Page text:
4th day [aboard the Djemnah] (14 May -- Sunday)

I had a sad dream. I imagined that I was traveling with my sister Neneng and that we had reached a port. We disembarked, but as there were no boats, we had to wade to the shore. They said that there were many crocodiles and sharks there. When we reached land, the ground was sandy, but planted in some parts, and was full of vipers, snakes, and serpents. And on the path leading to my house there were many hanging boas, some were tied but were alive and menacing and the others dead. My sister and I were walking, she ahead and I behind. We were following one another. Sometimes we came across the dead ones; the live ones tried to get us but could not. But, at the end of that line, a real serpent, tied but menacing and angry, obstructed the road, leaving only a very small space to walk on. My sister succeeded to pass through, but I, despite my carefulness, was caught on the shirt and pulled. Because of my weakness, I looked for some support to hold on and I found none. I felt I was coming close to it and its tail seemed about to coil me. In the midst of my futile efforts, when I was seeing death in the form of loathsome rings, Pedro, the town carpenter, arrived who, with one blow, separated it from me. I escaped the danger and we reached the house. I no longer recall whose it was.

The following day I had another dream less frightful, but saddening. Imagine upon reaching Point Galle, I don't know why it occurred to me to return to my town confident that I could overtake the boat at Colombo. I saw my parents and they did not mention to me at all my trip and after my visit with them, I thought of continuing my journey. How great was my disappointment when I remembered that I had to start all over again, that I would not overtake the French mail boat and that I lacked money! To have to cross again the sea until Colombo when I should have been in Europe! I borrowed another one hundred pesos, resigned to stay in the fourth class. I was very sad and disappointed when a traveling companion came to me. But I woke up and I was in my berth. What could these dreams mean?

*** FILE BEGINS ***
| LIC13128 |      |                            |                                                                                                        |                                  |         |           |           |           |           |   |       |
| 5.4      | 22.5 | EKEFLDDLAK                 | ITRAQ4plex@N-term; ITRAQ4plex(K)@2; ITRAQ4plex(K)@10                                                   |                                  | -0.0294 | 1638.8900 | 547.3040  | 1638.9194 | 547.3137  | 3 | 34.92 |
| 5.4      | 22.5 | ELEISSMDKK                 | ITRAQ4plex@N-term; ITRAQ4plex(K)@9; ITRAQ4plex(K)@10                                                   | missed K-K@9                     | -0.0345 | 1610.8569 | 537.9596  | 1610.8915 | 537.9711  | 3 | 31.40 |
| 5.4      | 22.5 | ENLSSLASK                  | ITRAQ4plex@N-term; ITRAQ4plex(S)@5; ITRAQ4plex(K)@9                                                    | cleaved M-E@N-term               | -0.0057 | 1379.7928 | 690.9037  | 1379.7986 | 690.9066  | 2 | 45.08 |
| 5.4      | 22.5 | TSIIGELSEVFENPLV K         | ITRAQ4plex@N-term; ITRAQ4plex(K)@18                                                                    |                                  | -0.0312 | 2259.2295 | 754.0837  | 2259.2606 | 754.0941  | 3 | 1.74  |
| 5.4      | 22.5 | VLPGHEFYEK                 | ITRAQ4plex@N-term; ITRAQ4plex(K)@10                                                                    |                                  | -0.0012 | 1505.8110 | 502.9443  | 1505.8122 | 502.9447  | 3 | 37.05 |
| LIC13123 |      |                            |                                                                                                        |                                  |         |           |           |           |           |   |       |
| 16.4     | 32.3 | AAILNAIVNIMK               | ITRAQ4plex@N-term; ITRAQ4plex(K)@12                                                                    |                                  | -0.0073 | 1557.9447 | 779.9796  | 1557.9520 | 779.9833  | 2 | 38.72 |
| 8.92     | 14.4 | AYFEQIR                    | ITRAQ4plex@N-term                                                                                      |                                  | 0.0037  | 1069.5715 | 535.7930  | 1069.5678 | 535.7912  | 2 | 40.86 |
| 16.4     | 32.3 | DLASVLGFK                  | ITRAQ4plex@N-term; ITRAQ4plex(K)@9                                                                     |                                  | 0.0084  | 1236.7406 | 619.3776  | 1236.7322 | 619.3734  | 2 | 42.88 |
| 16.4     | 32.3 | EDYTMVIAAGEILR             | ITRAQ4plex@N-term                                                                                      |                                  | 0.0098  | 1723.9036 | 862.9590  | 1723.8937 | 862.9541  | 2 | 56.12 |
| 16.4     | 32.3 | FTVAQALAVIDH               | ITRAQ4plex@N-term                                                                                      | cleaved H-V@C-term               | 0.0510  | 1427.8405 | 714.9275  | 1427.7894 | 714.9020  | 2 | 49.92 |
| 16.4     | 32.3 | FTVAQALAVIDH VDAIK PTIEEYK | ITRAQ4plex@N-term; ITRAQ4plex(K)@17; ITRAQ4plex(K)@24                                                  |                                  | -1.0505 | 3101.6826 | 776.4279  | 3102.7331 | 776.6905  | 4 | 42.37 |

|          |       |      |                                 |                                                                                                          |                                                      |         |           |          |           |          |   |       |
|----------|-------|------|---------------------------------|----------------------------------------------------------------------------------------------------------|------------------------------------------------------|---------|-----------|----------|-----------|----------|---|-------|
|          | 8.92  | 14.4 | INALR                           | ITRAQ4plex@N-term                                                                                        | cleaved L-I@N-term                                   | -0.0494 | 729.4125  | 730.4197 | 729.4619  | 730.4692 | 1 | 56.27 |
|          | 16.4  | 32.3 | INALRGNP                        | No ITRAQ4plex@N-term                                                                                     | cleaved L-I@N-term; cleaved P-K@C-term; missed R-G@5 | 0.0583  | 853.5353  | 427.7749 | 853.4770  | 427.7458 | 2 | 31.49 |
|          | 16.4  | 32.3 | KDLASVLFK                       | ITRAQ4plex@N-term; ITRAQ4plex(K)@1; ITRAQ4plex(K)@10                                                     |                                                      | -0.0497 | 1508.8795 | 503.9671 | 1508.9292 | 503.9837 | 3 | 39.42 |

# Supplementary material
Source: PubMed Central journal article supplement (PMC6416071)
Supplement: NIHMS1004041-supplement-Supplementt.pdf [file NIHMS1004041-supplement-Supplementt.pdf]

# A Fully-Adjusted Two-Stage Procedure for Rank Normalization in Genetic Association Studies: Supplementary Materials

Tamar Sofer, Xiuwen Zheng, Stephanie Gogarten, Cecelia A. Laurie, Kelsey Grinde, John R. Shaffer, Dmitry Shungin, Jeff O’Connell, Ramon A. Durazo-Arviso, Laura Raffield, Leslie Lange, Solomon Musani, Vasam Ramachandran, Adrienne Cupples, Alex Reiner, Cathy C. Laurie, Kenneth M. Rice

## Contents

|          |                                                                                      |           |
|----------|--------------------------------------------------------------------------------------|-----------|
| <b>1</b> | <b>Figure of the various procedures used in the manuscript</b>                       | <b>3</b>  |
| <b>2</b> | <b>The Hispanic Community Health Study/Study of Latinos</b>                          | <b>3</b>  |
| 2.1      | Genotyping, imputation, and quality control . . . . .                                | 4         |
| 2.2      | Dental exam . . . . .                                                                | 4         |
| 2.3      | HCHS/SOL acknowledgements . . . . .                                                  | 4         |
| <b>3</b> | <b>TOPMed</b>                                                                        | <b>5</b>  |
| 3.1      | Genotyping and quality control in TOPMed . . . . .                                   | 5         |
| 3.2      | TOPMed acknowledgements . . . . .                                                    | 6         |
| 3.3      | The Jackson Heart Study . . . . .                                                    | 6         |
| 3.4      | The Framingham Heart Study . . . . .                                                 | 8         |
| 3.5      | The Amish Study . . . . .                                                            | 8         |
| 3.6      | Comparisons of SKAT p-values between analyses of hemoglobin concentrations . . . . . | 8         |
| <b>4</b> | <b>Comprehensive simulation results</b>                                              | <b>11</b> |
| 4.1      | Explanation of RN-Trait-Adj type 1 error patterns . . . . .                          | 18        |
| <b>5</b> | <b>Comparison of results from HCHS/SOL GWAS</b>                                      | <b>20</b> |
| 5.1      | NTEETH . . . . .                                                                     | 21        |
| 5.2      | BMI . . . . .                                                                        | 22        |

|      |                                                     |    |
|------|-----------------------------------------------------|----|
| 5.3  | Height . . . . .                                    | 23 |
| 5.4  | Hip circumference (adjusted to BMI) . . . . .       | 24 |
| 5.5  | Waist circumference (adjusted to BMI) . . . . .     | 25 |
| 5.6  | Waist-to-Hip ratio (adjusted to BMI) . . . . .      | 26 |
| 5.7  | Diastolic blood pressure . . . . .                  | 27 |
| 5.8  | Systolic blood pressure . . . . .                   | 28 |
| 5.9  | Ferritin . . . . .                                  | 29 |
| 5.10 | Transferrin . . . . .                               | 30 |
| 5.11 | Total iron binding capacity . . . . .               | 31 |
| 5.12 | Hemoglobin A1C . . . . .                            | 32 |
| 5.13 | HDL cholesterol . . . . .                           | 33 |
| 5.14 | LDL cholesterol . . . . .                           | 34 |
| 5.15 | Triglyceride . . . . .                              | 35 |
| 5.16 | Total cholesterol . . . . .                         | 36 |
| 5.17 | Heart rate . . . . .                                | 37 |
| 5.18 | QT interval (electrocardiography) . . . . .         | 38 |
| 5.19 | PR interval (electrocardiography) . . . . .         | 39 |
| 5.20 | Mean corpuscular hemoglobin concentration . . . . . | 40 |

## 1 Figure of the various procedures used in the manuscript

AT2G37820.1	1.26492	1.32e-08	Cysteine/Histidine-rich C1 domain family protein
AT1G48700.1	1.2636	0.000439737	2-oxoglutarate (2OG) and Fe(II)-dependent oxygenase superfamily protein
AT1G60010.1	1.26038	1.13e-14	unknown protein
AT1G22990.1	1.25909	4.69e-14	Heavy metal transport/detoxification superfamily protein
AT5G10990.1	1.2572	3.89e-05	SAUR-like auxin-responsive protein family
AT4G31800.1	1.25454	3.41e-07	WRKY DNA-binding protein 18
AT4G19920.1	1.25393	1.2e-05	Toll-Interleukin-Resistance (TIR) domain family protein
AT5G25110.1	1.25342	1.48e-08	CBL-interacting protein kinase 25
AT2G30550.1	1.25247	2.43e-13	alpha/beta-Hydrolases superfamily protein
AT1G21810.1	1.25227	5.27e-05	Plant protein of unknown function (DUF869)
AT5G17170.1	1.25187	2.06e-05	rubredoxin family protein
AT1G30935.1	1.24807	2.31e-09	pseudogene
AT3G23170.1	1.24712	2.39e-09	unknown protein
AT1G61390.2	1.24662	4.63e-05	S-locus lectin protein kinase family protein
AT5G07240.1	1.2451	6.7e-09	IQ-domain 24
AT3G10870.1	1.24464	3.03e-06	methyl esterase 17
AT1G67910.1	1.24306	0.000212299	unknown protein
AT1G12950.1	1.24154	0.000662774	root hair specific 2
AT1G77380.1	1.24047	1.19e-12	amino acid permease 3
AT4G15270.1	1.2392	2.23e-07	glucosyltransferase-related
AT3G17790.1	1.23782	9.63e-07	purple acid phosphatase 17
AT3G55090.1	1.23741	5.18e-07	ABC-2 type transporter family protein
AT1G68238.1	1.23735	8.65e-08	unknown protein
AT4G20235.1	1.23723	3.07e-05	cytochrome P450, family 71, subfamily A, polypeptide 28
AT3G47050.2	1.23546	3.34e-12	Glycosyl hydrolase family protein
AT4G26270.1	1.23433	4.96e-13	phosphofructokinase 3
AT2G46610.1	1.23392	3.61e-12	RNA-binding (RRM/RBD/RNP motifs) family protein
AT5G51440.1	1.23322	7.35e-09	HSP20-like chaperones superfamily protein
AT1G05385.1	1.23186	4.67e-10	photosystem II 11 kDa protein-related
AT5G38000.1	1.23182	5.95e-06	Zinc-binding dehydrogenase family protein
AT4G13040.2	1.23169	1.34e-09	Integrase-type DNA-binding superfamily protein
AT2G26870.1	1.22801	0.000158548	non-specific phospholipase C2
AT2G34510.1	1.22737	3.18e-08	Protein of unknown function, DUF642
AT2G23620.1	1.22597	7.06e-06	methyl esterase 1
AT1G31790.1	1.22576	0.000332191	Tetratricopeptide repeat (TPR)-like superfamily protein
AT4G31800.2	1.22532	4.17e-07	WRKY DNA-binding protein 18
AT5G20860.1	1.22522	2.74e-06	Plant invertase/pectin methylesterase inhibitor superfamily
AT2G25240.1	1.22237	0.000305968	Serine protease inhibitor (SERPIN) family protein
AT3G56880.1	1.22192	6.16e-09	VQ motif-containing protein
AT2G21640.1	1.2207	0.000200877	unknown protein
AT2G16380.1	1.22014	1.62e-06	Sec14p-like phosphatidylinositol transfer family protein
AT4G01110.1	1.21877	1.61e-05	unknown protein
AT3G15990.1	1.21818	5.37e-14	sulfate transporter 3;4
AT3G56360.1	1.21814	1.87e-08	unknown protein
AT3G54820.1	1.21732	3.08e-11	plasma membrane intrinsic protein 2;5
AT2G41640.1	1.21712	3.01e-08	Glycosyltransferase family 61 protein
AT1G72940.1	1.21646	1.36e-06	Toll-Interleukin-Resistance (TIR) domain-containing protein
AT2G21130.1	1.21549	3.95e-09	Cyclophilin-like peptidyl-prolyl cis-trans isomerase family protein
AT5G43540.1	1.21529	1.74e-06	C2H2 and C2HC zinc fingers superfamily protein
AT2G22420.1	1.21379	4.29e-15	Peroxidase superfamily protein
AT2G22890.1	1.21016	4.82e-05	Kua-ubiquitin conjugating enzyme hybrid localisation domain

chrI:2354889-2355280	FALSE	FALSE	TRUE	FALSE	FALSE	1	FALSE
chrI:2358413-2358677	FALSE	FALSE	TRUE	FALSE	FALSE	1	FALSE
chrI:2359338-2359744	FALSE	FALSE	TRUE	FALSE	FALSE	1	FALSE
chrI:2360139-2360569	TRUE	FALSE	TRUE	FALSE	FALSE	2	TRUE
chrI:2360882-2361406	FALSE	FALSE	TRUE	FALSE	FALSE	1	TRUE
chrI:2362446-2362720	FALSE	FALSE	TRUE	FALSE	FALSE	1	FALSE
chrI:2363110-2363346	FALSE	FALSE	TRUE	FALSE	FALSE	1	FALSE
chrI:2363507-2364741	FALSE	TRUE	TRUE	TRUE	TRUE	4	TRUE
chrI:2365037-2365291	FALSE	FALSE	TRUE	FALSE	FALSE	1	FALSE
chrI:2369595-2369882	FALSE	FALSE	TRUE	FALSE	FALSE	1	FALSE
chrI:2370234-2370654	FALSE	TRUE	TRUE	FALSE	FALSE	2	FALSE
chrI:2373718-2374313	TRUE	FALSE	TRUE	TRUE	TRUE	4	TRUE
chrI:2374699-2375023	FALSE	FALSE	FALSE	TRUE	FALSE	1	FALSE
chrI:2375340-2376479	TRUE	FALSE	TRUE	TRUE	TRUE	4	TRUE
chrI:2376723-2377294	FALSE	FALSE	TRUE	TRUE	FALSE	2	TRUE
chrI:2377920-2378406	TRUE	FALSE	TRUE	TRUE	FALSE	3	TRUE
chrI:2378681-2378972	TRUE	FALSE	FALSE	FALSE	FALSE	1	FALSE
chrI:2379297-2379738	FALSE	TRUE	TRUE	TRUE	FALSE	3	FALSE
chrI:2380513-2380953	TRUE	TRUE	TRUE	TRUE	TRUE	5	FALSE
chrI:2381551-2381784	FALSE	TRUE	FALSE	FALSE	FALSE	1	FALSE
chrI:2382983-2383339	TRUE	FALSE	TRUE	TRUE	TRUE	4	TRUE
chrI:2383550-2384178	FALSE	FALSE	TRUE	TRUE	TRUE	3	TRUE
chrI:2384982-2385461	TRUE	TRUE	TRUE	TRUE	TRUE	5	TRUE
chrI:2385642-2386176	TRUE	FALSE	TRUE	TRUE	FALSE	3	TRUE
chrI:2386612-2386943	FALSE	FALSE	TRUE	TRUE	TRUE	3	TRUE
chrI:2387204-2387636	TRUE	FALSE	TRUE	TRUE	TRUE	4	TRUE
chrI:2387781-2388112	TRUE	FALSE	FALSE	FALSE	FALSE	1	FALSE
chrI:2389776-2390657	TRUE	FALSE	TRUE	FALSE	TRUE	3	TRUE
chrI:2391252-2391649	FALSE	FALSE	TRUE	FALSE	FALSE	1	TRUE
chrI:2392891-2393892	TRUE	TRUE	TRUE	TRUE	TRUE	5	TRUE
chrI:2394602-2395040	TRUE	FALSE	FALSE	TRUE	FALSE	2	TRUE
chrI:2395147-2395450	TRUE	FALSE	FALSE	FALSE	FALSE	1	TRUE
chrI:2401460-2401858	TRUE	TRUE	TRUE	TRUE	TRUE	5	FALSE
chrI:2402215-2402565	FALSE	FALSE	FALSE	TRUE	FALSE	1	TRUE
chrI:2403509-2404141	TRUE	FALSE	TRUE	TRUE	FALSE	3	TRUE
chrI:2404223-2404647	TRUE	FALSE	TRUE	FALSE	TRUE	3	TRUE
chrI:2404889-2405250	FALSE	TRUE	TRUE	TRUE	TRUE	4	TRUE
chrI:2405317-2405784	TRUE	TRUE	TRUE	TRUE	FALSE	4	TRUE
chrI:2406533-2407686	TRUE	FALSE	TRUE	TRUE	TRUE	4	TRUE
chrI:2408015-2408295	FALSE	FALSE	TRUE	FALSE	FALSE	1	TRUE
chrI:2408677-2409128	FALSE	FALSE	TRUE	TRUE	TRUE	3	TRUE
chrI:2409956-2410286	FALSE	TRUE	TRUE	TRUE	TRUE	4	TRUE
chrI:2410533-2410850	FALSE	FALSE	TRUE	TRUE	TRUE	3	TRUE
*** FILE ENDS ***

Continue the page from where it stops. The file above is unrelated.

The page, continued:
I mention these because they were the most notable things that happened to me until Point Calle, except the aforesaid seasickness which prevented me from eating one day. Let no one call me faint-hearted and superstitious, because I'm only recording my trip.

My contact with the foreigners is increasing. At last Wednesday came and the first thing we saw early in the morning was Point Galle.


A tropical vegetation formed by the elegant palm in the midst of which rise some small buildings; a sea that strikes the steep rocks producing abundant white foam. Perhaps Ithaca looked like this to the traveler, and some crafts swaying gently. Sailor, is this Ceylon, is that Point Galle, now English colony, formerly Dutch?

The engine is slowing; the port pilot arrives, and a quarter of an hour afterwards, we anchor.
Narrow canoes cut through the waters of the sea, but they are so narrow that they can hold only one man. Wide boats manned by Indians, some of whom come aboard, now offering us money, now to launder our clothes, and other things of the kind.

Are you going ashore? Here is the question that they ask one another.

The three Dutchmen and I went down. A wide boat took us ashore. The round trip cost one rupee.

We stopped at a kind of wooden pier and I saw a fort built by the Dutch. Above the gate can be seen the coat of arms of the Order of the Garter. We entered and took a coach.